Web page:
Michael Patkin's

  Ergonomics the key to a leap forward

Publication history, Reflections & comments



Surgery & ergonomics


Information design

Editorials, book reviews




SIR — The call by Mr Ter­ry from the Industrial Design Council (Letters. 26/7) for better Australian design deserves the widest support. The glum news of a 9 giga­buck ($9,000,000,000) trade deficit serves better as a stimulus to effective effort than to despondency. Better ' design of manufactured pro­ducts can compete far more effectively on the domestic and overseas market. ' Worldwide, many items' suit steel-fingered pixies with unusual intuition rather than normal humans. Silly handles on appliances, con­fusing controls and difficult stiff connections are found often on expensive items, whereas good design need add little to manufacturing cost in many cases.

The Australian genius, marked by Ridley's stripper-harvester in 1843, aeroplane landing systems, microsurgical instruments designed by Vickers and Owen, and many other examples, show how the tyranny of distance can be a paper tiger. Developed further, Australian design could be as much a hallmark as that enjoyed by Scandi­navia with its small size.

The key to a forward leap in design at this time is ergonomics, the science of man at work. Ergonomics has its experts and its infor­mation sources scattered around Australia. In business there ishicreasing awareness of ergonomics for video dis­play units and the need for good seating (e.g. DSJ chairs in Adelaide and CDS in Syd­ney), the layout of key­boards, desks and factors such as lighting and noise. The microsurgical instru­ments mentioned above owe much of their rapid success worldwide, now imitated by many, to the simple ergo­nomic principles in their design.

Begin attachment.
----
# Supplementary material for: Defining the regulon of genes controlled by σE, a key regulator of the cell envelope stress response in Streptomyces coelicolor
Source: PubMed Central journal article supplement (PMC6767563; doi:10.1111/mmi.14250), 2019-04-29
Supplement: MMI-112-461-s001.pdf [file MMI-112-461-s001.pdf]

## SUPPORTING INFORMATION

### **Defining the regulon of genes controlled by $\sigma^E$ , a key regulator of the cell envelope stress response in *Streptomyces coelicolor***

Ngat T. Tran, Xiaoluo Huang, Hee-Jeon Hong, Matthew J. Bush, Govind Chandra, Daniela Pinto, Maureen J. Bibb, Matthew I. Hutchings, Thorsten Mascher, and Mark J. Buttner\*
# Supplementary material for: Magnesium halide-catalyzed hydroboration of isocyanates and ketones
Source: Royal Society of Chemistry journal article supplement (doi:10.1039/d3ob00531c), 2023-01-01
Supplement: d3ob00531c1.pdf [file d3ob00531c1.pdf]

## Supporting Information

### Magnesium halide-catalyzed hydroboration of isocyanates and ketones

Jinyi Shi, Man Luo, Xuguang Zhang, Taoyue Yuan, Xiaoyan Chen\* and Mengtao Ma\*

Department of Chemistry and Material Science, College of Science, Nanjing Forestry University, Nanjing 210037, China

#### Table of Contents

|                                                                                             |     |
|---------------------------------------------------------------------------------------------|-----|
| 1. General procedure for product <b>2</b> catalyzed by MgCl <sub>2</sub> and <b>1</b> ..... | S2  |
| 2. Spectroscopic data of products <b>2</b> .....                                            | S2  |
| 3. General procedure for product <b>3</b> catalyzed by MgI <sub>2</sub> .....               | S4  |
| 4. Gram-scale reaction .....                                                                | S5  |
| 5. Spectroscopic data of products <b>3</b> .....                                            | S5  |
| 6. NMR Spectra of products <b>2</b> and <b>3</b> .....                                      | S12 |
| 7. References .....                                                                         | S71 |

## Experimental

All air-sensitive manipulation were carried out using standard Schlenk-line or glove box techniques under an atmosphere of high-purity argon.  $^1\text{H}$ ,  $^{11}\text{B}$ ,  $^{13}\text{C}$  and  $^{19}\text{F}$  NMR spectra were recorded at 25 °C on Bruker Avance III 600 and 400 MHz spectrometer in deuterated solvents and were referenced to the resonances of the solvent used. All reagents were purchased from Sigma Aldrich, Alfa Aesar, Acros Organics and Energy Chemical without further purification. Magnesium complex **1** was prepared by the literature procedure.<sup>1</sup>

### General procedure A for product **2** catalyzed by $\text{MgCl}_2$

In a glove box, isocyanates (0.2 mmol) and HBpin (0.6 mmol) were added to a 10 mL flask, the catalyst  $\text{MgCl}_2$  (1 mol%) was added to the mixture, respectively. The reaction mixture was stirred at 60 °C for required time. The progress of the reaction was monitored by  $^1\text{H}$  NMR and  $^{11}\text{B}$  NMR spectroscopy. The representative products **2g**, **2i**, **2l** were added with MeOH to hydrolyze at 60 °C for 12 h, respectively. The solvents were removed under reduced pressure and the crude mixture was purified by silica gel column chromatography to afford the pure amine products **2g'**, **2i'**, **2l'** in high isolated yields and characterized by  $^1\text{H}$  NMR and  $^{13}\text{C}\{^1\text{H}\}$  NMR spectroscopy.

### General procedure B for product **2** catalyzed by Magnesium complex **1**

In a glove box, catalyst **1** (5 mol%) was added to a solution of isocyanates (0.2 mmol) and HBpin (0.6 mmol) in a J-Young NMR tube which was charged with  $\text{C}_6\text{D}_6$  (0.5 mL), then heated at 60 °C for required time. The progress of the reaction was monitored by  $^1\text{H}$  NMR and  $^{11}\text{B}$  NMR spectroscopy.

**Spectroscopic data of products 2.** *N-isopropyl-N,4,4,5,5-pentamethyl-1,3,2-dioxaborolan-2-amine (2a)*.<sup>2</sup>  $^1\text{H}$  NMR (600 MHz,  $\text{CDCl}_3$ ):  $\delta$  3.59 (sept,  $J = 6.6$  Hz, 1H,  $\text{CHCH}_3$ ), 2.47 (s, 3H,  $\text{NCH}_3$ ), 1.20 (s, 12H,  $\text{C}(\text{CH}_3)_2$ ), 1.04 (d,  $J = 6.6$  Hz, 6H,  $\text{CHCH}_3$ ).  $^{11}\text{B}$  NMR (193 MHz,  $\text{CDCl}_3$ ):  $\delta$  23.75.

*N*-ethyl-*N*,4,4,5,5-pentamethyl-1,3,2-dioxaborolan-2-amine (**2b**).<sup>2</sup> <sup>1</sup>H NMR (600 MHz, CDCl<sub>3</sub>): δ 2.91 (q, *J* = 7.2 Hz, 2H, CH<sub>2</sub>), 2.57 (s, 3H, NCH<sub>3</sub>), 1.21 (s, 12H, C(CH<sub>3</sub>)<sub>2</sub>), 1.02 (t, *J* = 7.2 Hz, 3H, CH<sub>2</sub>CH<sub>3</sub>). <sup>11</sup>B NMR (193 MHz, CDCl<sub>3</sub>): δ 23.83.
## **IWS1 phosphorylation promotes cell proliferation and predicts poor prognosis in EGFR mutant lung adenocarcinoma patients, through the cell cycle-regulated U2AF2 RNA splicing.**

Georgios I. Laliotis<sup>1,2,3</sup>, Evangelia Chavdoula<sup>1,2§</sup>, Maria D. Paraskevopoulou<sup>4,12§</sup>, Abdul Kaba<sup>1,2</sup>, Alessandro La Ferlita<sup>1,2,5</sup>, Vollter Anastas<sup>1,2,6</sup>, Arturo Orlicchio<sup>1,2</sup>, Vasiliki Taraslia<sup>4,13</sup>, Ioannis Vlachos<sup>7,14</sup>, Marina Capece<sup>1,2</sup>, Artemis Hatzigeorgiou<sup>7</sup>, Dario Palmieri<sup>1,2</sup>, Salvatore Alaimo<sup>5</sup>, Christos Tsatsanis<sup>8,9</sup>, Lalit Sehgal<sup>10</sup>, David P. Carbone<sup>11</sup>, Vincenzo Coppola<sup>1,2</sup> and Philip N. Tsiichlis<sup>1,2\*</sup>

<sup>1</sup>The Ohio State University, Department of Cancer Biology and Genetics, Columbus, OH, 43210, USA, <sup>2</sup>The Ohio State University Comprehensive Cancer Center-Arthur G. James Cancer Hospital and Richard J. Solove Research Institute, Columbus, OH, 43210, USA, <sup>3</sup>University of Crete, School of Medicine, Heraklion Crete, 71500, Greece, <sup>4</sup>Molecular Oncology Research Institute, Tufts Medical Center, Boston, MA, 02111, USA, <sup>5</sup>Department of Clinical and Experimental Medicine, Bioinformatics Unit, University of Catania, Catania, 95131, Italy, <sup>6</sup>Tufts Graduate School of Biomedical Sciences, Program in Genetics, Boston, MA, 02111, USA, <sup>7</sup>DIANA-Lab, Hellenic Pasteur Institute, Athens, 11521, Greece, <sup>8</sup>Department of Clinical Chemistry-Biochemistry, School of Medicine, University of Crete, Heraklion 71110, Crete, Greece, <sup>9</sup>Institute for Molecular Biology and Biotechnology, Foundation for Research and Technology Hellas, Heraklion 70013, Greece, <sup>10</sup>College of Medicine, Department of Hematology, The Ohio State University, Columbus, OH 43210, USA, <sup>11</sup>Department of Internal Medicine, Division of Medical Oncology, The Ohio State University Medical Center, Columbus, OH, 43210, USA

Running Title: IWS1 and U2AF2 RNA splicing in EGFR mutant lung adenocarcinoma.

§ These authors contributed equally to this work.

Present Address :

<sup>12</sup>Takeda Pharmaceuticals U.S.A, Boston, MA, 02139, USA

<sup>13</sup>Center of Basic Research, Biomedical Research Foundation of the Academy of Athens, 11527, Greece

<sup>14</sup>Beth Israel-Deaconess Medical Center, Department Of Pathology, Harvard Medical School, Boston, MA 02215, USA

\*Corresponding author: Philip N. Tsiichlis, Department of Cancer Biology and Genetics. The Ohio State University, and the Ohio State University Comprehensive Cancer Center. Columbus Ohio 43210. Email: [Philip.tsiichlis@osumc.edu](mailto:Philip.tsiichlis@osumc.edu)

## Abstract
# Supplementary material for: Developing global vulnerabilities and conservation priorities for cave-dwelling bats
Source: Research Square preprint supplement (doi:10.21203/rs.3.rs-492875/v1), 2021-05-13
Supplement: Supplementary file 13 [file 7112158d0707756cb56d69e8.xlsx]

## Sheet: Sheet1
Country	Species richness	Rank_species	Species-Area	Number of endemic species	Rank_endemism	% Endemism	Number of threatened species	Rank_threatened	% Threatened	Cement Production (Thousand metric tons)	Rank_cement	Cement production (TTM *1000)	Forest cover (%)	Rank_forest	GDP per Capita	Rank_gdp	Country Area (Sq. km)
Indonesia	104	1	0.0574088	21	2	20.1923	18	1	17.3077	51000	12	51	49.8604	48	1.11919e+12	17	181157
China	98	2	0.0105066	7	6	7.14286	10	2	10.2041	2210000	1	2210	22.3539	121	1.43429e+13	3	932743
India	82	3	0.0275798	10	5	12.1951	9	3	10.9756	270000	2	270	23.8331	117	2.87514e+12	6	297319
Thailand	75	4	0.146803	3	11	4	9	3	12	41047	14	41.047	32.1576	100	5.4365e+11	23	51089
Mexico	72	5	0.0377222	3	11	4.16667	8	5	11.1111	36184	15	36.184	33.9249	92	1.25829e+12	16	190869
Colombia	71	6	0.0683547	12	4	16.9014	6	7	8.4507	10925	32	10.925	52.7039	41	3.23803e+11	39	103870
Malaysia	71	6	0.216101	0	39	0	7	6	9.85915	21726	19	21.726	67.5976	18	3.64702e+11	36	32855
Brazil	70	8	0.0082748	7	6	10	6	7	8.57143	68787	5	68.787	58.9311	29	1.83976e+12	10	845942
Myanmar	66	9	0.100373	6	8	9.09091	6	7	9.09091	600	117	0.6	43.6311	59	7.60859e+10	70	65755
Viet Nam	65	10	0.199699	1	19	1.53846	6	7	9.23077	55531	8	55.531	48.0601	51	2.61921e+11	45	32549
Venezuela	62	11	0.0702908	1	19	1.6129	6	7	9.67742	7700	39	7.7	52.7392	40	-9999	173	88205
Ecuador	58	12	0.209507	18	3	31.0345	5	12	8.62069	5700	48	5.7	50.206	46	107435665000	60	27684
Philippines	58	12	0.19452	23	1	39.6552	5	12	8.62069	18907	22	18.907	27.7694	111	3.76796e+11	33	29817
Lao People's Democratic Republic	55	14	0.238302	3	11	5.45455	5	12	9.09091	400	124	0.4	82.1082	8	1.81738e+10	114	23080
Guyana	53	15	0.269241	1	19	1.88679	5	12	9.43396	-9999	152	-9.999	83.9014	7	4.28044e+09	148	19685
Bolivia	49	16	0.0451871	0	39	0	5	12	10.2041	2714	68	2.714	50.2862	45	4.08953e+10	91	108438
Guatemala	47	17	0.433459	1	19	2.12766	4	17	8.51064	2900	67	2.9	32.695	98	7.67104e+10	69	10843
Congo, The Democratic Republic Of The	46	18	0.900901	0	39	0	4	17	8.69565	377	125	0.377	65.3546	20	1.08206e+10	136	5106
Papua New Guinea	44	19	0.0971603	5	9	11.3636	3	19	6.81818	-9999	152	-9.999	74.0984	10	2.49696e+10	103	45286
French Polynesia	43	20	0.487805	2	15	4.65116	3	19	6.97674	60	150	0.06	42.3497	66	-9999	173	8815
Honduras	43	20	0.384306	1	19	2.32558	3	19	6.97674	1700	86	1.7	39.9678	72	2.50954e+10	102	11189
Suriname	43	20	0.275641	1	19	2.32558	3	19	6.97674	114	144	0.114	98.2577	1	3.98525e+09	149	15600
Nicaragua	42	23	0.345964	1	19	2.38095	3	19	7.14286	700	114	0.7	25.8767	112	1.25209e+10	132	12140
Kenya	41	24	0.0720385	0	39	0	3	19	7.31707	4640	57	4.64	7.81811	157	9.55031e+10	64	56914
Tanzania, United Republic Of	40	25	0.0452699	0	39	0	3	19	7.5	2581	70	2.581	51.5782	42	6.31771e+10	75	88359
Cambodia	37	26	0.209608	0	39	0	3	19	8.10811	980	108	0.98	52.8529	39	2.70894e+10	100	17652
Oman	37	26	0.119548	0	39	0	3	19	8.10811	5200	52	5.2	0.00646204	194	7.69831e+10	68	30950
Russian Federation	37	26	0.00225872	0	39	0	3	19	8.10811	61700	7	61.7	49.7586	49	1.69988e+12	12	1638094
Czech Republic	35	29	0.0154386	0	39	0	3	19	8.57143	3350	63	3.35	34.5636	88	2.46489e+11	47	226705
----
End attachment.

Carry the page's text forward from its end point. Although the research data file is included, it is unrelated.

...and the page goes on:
Flipping through Australi­an Design Awards in 1979-80, ergonomics was a prominent feature of cardiac monitors by Telectronics, furniture by Astra, professional audio equipment by Paul Kirk. TV - sets by Philips, and seating mentioned above.
Ergonomics has a second major role to play in the Australian economy, in terms of the workplace as well .,as-the product. Members of the Ergonomics Society in this country include authorities on tractor 'safety, controls., and displays, training for industry, handle design,-.- physical and mental strains, in the workplace and con­taining workers' compensa­tion costs, let alone damage to health and satisfaction.

It is curious to see in the very editing room of The Australian that vertical video screens are propped up by 15 degrees on copies of last year's Sydney . telephone directory, but that seating is still at the wrong height, with no use of simple docu­ment holders, while simple changes in lighting arrange­ment would do much for the comfort and efficiency of your journalists.
We do not have the long craft tradition of Europe, the ethos of Japan, the massive base of the United States, or the low wages of other com­mercially successful coun­tries, but Australian history has demonstrated a fund, of inventiveness, common sense, and. resourcefulness. If the . modern wisdom ' of ergonomics can be added: to these qualities... the„ effect could be dramatic. ".

In Adelaide, one lull-time government ergonomist alone has had an •impact on Indu• try whose value must be measured in millions of dollar. It is up to every Australian manufacturer and manage: to see just how much knowledge of human factor can • add to the value of hi enterprise.

MICHAEL PATKIN Whyalla, South Australia



  Ergonomics the key to a leap forward